From From Forbes
By Tilak Doshi
Arthur’s Hall, Dover Castle, 14th century, (c1990-2010). Interior view. Reconstruction drawing of Arthur’s Hall, table feast in the 14th century. A a medieval castle in Dover, Kent, founded in the 11th century and described as the Key to England due to its defensive significance throughout history. Between 1217 and 1256 Henry III spent 7500 pounds improving the castle’s defences. Arthur’s Hall, at the end of The Inner Curtain Walls along the eastern wall of the inner bailey, and was finished in 1240Artist Terry Ball. (Photo by English Heritage/Heritage Images/Getty Images)GETTY IMAGES
In his bestseller book on the medieval mind, “in a world lit only by fire”, historian William Manchester draws his portrait of the Dark Ages (roughly during 400 – 1400 AD after the collapse of the Western Roman empire and before the Renaissance). He describes it as “a melange of incessant warfare, corruption, lawlessness, obsession with strange myths and an almost impenetrable mindlessness.”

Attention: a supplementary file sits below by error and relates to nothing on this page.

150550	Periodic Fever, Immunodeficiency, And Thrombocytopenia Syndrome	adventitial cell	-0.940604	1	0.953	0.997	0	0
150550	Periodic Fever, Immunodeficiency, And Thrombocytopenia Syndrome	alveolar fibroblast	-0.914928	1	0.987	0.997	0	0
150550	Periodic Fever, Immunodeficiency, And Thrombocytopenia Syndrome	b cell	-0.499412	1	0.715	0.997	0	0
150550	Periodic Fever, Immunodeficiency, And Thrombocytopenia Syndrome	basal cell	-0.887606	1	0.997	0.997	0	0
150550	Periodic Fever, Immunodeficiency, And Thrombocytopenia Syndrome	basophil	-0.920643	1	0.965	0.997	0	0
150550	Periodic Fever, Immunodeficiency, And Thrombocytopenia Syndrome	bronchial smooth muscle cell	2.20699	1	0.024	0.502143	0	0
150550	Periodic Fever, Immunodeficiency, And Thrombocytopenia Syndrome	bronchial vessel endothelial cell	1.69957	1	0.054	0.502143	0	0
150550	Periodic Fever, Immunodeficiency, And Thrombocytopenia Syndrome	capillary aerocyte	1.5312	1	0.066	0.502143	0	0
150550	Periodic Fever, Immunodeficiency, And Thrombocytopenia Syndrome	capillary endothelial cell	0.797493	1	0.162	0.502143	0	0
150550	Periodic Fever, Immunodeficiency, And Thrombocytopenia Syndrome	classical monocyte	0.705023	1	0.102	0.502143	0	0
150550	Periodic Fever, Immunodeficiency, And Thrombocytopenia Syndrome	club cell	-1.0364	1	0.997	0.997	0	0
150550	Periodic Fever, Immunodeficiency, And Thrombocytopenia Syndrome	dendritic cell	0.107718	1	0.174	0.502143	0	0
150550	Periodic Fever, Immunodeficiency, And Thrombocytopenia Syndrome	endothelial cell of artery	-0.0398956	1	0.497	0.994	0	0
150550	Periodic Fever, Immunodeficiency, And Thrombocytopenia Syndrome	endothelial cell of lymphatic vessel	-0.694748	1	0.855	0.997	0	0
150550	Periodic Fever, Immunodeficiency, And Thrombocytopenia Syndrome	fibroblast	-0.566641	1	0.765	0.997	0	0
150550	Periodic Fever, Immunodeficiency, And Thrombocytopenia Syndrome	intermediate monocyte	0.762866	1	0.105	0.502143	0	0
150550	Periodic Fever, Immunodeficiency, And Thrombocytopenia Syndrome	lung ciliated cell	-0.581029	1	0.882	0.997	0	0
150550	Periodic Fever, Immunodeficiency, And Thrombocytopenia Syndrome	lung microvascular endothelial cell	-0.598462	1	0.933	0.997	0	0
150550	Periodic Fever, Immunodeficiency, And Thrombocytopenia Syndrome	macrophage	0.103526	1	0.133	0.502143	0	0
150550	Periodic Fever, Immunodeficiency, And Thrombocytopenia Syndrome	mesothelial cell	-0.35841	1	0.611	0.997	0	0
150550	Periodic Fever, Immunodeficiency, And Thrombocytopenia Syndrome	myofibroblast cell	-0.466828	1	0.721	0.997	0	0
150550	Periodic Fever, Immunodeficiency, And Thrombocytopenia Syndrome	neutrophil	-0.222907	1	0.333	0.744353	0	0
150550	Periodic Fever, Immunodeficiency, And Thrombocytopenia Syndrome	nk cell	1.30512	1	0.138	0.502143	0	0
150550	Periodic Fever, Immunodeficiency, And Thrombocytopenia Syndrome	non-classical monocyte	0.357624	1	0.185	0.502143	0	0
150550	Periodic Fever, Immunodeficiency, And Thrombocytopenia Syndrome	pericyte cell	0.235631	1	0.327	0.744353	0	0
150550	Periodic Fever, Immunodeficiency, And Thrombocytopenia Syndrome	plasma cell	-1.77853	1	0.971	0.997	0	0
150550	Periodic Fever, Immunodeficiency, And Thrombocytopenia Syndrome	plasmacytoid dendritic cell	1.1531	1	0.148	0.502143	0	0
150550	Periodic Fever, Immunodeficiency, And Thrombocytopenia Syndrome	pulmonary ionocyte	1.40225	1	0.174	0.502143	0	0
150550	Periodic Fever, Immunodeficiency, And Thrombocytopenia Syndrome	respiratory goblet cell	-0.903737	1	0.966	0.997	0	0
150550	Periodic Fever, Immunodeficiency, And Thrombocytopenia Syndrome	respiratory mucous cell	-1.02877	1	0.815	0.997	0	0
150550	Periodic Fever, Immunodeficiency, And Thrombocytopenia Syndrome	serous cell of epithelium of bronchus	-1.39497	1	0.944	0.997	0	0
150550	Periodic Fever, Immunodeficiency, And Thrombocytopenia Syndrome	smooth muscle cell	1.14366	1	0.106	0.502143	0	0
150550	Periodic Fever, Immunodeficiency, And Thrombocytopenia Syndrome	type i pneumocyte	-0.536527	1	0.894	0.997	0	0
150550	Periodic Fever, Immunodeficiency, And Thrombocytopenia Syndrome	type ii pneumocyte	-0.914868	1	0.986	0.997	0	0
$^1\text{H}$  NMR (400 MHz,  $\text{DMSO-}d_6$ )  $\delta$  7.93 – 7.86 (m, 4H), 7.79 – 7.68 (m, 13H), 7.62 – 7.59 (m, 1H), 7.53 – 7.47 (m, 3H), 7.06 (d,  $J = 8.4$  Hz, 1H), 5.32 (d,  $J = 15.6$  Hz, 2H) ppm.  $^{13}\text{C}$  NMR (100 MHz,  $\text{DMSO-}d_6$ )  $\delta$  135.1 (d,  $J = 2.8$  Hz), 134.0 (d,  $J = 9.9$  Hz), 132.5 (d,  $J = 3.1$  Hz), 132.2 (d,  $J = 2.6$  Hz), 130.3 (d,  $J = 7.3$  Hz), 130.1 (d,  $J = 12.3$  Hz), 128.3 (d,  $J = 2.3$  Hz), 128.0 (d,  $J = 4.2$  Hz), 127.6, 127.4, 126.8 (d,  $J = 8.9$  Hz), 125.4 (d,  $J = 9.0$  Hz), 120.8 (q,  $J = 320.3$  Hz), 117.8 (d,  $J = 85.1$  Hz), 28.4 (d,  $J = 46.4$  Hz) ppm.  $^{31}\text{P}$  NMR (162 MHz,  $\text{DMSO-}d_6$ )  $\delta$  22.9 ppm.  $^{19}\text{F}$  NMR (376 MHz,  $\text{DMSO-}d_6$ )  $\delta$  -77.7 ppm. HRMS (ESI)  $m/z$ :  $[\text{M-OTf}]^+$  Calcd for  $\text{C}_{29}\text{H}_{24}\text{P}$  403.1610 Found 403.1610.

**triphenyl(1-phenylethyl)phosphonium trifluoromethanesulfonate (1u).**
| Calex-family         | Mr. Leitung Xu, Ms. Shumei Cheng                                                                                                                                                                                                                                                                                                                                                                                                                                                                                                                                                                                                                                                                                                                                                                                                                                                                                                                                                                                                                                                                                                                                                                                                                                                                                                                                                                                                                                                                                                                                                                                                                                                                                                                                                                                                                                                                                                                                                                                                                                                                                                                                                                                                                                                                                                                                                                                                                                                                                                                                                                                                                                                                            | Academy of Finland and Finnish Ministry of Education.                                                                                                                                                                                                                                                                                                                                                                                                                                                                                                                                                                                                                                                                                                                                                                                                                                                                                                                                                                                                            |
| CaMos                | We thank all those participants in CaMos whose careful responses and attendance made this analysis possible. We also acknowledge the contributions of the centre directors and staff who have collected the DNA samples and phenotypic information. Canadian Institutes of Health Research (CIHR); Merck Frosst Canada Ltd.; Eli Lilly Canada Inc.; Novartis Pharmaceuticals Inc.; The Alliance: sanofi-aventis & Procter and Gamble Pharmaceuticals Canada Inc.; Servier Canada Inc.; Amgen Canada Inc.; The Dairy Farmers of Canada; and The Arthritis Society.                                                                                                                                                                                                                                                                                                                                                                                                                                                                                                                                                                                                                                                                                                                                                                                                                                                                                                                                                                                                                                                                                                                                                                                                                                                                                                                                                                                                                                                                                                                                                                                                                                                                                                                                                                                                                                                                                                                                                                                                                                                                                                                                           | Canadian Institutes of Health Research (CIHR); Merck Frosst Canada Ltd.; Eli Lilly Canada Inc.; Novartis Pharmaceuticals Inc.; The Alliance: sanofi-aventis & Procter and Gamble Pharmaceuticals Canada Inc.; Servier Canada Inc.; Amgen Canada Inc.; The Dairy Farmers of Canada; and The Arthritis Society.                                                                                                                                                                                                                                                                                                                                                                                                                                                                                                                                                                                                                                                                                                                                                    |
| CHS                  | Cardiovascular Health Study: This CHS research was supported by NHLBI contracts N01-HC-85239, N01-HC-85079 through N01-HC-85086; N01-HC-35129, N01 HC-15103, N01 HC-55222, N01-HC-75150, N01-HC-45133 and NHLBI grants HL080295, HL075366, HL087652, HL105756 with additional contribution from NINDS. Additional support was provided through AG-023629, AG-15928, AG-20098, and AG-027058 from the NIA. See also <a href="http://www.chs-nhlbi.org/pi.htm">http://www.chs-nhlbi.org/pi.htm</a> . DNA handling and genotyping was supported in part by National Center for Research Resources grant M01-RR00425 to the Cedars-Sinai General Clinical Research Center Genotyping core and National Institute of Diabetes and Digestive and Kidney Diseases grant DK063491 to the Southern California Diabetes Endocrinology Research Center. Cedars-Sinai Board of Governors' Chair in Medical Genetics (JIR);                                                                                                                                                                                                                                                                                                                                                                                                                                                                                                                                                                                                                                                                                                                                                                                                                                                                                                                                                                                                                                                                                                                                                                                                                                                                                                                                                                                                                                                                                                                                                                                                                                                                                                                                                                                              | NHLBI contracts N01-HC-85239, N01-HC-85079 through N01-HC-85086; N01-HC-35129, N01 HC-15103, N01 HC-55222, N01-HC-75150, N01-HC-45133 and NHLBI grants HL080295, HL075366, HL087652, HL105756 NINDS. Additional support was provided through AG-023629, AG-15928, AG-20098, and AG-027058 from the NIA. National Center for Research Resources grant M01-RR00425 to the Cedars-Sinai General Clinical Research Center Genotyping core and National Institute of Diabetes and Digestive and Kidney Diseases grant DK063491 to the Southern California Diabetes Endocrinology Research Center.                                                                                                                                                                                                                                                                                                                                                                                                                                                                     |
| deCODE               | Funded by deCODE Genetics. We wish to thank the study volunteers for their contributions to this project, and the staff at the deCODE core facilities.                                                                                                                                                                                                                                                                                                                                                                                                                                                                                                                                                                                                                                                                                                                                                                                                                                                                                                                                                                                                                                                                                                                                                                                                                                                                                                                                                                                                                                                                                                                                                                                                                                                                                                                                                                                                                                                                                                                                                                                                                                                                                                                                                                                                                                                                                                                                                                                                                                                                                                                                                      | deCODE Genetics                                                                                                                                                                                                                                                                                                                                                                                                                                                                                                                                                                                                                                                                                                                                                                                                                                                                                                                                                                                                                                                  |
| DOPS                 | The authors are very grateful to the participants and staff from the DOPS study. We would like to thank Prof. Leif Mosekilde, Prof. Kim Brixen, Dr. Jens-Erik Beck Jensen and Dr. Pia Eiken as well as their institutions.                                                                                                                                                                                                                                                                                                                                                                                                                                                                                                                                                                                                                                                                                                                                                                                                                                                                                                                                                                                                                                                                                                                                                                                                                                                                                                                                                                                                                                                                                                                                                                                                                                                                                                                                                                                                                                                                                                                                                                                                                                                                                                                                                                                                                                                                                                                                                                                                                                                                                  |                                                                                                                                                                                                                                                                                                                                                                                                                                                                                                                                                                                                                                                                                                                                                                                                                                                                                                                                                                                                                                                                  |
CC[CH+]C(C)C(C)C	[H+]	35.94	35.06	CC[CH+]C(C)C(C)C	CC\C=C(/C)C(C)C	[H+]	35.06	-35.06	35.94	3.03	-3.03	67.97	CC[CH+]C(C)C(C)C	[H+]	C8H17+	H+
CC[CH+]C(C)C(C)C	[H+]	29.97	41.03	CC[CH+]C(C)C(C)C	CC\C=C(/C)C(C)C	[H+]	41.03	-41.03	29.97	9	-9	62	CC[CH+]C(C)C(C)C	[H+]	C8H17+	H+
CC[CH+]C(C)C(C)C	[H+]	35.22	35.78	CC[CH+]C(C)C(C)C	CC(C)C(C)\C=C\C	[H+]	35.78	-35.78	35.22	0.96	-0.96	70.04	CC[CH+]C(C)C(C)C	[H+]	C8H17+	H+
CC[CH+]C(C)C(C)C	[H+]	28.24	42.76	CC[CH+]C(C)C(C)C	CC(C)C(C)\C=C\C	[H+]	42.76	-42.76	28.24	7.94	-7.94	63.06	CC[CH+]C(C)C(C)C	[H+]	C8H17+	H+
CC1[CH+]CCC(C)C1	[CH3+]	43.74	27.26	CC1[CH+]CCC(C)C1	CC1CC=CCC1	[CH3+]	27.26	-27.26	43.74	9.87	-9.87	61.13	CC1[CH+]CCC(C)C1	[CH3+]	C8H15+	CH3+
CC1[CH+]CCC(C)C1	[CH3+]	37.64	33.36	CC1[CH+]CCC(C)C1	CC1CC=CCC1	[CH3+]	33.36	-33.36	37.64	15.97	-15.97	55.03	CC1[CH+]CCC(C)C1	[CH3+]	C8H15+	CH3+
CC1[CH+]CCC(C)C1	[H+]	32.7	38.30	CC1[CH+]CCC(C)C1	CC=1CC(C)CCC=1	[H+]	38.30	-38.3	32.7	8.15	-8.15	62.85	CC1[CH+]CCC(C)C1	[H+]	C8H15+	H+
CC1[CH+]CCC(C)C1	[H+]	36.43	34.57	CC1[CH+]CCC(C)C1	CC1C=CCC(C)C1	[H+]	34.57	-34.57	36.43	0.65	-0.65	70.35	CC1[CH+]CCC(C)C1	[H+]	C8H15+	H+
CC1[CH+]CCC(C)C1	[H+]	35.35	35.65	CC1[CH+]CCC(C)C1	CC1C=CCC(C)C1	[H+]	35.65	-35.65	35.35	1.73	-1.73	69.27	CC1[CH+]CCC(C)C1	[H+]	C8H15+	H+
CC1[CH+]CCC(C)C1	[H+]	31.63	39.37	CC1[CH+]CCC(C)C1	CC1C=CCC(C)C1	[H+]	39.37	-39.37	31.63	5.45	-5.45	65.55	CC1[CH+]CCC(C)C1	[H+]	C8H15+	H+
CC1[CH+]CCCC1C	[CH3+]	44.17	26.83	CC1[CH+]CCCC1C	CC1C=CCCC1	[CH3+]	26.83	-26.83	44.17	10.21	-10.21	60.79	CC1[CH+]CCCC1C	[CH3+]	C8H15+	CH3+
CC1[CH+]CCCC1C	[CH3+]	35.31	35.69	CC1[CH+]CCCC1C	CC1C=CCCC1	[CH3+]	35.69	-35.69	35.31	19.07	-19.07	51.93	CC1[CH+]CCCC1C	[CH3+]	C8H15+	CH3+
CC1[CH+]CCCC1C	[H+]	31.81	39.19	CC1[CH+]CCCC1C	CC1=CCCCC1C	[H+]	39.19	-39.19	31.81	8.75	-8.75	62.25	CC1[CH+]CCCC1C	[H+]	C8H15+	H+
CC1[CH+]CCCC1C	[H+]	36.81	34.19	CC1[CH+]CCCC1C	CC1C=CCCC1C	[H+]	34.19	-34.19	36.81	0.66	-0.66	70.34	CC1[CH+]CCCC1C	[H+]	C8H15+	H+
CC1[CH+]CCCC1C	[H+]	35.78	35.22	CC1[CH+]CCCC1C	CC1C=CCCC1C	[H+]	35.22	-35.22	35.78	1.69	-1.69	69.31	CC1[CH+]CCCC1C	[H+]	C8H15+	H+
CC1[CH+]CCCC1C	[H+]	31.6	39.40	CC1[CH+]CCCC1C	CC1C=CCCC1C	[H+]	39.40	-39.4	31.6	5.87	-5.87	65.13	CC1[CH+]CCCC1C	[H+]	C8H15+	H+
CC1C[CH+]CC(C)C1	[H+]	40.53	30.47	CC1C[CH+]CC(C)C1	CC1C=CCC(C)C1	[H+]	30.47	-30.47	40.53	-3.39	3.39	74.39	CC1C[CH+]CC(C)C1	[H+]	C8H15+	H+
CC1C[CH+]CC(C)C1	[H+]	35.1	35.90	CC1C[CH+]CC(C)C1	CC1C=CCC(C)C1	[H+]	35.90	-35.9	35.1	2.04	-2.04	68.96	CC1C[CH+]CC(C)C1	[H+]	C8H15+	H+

It is not a stretch of the imagination to see the remarkable parallels between our own “scientific age” and that of Europe’s Dark Ages. The “incessant warfare” of medieval Europe is now played out in the troubled Middle East since 9/11 (2001) and above all, in Europe itself as NATO and Russia lock horns in Ukraine. The corruption of scientific research, media and political institutions in the West is rife. Our lawlessness today is vividly exhibited in the chyron of a TV reporter in the mainstream media describing “fiery but mostly peaceful protests after police shooting” with burning city buildings in the background which marked 120 days of riot, death, arson and looting in the summer of 2020.
Signs of The New Dark Age: What have we come to?